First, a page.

Only one abstract per presentation is necessary. A basic abstract of 250-500 words is required to participate. Your abstract should address the five elements described below.
In order for your abstract to be considered for an award, you must submit an extended abstract of 500-700 words. Sample abstracts and judging rubrics are provided on the website to assist in creating a successful abstract and presentation. Your extended abstract should address the following five elements.
The creation and production of live performance (dance, theatre, music, etc.) and works of visual and media art (musical compositions, film, photography, paintings, sculptures, costume and set designs, etc.) are valid scholarly contributions. Creative work falls under a category of research known as the “scholarship of discovery,” which is central to the education of students in the visual and performing arts. A successful abstract for a creative work proposed for inclusion in the Whalen Symposium will include:
1. The artist’s initial questions of investigation – (Why did you create the piece?)
2. Brief articulation of artists, forms, theories, methods or movements inspiring or informing the creative work (Research – techniques – how those techniques are manifested within the work and research that was done (regarding various composers, representing various cultures, etc.)
3. How the work will be presented to the audience (If performing or presenting a piece of visual art in conjunction with your presentation, indicate the necessary space requirements)
4. Proposed significance to the field (What is new or revelatory about your creative work?)
5. A bibliography/list of references and works cited (If you cited any sources of information— articles, books, book chapters, websites, and personal communications) MUST be included. These items are not included in the 500-700 word limit. It may be helpful for students to consider this a shorter version of their final presentation. Supporting materials including charts, graphs, images, choreography documentation or musical scores are encouraged, but not necessary. These items are not included in the 500-700 word limit.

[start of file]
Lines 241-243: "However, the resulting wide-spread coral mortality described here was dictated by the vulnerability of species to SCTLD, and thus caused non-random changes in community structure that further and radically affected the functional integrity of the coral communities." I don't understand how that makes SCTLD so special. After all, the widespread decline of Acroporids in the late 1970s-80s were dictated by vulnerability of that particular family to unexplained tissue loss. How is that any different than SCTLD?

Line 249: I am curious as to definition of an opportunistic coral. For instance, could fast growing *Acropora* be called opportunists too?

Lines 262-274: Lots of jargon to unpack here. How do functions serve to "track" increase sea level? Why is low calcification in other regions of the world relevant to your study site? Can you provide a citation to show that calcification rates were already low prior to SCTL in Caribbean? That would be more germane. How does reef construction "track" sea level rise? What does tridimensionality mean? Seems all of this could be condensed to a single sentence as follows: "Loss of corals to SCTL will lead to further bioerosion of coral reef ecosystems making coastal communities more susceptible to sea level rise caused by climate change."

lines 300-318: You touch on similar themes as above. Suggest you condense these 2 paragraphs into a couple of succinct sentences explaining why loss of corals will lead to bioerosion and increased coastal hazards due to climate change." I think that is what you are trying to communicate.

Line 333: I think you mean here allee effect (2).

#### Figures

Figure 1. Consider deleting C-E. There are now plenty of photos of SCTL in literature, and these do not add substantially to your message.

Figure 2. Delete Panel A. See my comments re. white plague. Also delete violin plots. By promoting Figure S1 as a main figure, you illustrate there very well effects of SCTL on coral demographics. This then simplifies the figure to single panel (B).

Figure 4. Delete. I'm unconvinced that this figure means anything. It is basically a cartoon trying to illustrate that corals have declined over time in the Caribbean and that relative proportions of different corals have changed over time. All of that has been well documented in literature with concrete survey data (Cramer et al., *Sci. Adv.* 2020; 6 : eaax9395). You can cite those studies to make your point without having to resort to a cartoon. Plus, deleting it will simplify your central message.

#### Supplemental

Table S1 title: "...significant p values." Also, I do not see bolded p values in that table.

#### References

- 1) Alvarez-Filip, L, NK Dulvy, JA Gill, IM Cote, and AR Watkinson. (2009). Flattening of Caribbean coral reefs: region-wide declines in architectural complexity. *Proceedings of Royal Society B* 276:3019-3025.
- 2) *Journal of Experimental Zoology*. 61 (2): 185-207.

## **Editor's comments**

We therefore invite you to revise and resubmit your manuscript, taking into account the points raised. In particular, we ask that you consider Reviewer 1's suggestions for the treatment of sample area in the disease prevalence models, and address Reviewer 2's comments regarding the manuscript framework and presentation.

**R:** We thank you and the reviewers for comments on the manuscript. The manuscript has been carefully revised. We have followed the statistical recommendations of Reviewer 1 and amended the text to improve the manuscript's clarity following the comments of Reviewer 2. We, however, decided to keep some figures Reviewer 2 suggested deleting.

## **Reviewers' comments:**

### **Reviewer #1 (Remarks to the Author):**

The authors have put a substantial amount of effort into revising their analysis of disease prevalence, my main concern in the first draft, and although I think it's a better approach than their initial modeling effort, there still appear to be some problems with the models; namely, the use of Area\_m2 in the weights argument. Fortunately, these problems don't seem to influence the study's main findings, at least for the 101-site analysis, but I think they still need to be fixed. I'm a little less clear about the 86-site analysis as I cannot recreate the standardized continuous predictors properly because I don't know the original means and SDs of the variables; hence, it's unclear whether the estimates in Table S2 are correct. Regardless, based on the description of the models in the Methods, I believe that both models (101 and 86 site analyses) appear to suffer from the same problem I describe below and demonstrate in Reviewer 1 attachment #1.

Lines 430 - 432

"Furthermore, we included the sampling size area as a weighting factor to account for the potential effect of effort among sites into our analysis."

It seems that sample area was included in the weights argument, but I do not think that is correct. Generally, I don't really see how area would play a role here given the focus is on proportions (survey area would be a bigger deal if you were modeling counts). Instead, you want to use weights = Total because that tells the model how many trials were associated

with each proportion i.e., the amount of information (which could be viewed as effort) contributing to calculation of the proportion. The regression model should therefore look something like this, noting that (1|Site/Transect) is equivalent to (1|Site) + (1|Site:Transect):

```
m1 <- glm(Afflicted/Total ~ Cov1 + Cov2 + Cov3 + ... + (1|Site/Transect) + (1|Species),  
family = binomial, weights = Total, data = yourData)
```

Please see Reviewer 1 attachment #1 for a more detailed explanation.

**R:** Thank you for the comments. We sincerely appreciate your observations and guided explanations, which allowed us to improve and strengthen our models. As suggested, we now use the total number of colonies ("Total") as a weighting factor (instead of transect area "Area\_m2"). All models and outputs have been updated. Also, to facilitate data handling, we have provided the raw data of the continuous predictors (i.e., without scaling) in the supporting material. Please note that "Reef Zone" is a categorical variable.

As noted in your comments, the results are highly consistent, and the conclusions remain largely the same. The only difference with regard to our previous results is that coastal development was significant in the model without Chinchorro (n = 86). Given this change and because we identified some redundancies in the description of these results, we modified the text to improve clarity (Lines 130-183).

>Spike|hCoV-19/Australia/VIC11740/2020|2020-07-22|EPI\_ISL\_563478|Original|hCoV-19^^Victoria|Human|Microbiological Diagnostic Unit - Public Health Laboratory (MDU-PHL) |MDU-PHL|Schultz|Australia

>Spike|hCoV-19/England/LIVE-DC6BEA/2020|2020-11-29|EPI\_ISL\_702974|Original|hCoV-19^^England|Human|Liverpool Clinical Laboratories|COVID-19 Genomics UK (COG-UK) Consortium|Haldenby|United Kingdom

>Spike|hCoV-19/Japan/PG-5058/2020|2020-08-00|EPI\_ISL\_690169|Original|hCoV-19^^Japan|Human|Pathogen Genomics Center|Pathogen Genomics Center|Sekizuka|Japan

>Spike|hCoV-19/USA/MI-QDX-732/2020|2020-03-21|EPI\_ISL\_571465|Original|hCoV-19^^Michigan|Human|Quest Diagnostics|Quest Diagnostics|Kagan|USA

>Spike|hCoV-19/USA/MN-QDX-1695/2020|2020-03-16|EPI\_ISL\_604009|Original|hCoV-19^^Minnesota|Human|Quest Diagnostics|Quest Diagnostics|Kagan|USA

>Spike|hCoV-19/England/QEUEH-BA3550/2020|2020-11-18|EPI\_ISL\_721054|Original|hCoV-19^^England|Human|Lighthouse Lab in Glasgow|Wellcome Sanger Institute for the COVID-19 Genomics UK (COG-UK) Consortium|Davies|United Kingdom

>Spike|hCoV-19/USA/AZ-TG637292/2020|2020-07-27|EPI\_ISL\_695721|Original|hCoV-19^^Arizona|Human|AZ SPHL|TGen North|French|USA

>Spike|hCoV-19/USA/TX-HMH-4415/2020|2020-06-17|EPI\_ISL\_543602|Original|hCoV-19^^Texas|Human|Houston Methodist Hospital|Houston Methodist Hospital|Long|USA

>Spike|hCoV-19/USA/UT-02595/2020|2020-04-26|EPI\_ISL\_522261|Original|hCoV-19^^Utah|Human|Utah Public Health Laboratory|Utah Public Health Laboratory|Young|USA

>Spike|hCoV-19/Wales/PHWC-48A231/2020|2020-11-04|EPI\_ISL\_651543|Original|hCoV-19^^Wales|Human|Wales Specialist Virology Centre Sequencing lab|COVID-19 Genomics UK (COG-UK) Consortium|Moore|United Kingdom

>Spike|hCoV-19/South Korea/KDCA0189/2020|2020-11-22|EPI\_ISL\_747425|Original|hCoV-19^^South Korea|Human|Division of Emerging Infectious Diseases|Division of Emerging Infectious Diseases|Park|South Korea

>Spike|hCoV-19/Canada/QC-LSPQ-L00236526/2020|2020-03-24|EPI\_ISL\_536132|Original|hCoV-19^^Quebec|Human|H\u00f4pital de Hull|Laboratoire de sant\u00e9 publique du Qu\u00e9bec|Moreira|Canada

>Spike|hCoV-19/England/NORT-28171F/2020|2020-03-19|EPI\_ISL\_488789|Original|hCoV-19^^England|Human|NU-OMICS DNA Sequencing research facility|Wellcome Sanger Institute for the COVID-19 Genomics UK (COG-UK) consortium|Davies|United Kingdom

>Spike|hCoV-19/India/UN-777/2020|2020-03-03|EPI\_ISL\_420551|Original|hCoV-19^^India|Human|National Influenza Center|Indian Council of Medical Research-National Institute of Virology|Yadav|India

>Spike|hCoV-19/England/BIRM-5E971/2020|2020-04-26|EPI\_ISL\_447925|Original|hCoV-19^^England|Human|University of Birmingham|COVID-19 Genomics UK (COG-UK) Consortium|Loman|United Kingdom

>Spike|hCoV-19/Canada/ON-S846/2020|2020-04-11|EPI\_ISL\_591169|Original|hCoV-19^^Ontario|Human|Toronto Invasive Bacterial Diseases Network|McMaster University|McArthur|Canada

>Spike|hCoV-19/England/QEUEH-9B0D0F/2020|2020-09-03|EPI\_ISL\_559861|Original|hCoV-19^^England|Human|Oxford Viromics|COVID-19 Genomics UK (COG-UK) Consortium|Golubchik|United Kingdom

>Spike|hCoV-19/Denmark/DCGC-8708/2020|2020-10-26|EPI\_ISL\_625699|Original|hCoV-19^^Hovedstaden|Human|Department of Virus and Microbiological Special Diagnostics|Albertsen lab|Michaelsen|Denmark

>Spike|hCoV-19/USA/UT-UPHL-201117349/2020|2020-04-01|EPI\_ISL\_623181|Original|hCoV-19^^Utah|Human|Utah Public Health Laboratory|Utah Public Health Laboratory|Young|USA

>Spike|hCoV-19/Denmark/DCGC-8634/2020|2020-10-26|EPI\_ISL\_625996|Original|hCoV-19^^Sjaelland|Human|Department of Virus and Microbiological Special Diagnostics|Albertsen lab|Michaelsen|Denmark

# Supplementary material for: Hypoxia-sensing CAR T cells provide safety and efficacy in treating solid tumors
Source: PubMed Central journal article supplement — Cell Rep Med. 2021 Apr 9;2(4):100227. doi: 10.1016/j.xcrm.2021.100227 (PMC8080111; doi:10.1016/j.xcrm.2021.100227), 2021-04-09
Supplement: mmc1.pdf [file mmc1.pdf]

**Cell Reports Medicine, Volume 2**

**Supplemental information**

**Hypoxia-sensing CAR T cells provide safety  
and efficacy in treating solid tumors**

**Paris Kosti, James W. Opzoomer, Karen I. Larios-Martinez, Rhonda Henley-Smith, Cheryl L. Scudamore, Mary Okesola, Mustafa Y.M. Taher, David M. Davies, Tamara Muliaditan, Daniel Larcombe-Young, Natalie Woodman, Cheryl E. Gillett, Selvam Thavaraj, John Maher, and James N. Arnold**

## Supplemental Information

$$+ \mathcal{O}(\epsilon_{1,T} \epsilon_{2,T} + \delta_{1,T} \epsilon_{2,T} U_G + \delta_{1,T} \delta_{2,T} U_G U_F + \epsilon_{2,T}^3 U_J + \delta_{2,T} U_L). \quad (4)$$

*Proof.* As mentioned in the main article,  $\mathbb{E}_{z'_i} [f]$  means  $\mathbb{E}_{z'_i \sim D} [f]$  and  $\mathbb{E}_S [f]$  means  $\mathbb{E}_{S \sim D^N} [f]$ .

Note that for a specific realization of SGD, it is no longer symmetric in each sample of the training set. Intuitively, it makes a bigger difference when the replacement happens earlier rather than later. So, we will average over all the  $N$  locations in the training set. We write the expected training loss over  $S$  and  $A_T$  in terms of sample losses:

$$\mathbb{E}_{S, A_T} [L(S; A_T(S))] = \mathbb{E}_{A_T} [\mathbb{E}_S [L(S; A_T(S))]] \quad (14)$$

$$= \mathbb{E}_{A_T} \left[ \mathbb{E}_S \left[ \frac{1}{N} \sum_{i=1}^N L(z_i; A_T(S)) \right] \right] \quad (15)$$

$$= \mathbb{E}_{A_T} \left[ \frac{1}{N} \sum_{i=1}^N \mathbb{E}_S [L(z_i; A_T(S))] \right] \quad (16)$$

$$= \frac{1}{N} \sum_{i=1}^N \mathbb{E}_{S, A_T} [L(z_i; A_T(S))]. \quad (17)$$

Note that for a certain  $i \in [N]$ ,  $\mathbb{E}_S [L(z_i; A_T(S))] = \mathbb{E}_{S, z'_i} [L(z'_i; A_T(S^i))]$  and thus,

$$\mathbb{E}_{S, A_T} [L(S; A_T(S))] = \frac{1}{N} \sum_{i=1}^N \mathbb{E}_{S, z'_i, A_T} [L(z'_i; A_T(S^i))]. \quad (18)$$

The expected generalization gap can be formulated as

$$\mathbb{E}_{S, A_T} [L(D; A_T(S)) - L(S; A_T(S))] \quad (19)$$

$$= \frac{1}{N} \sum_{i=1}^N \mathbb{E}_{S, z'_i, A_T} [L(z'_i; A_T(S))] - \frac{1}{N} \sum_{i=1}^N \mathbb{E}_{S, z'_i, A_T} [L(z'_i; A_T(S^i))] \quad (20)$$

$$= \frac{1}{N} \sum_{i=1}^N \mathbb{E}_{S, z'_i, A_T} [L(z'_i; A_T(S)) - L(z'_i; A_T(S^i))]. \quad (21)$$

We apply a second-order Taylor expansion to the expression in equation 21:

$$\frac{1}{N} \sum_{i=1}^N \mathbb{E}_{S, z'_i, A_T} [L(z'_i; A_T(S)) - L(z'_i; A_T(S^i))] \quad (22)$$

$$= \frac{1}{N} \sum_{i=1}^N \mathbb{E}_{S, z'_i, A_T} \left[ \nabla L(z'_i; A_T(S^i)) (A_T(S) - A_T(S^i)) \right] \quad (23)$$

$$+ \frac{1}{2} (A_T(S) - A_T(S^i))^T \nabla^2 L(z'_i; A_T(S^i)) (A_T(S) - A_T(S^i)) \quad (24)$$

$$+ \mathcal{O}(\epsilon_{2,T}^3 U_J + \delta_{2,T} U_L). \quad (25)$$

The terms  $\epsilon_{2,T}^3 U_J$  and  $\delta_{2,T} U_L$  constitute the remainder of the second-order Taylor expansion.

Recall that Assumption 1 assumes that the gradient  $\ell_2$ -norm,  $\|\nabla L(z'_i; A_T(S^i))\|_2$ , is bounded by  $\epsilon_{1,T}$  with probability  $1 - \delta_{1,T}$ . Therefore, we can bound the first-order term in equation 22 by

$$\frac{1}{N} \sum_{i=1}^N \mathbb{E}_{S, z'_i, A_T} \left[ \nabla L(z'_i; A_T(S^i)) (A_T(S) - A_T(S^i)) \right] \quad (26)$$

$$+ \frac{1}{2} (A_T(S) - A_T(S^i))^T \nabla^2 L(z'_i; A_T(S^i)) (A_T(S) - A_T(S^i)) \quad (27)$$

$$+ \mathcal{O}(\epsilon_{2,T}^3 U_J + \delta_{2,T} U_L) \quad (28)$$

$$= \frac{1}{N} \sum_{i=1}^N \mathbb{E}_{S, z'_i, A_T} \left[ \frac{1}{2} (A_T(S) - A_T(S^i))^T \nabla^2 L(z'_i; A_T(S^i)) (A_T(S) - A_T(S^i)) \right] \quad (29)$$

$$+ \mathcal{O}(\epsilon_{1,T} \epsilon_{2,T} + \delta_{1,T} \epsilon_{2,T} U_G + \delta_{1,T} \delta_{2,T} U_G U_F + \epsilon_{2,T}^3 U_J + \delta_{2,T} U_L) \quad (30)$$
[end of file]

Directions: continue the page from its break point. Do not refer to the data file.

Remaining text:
How does judging for awards work?
Abstracts that have been submitted for awards will be approved by two separate faculty or staff abstract reviewers who have experience in a related field. The reviewers follow a rubric to rate each abstract, which can be downloaded here. Abstracts which score an average of 12 or higher will be considered for award.
Students who are still being considered for award will be evaluated by judges when they present their research during Whalen. The judge’s rubric can be found here. Once presentations have all been delivered, the judges deliberate using the presentation evaluations to decide on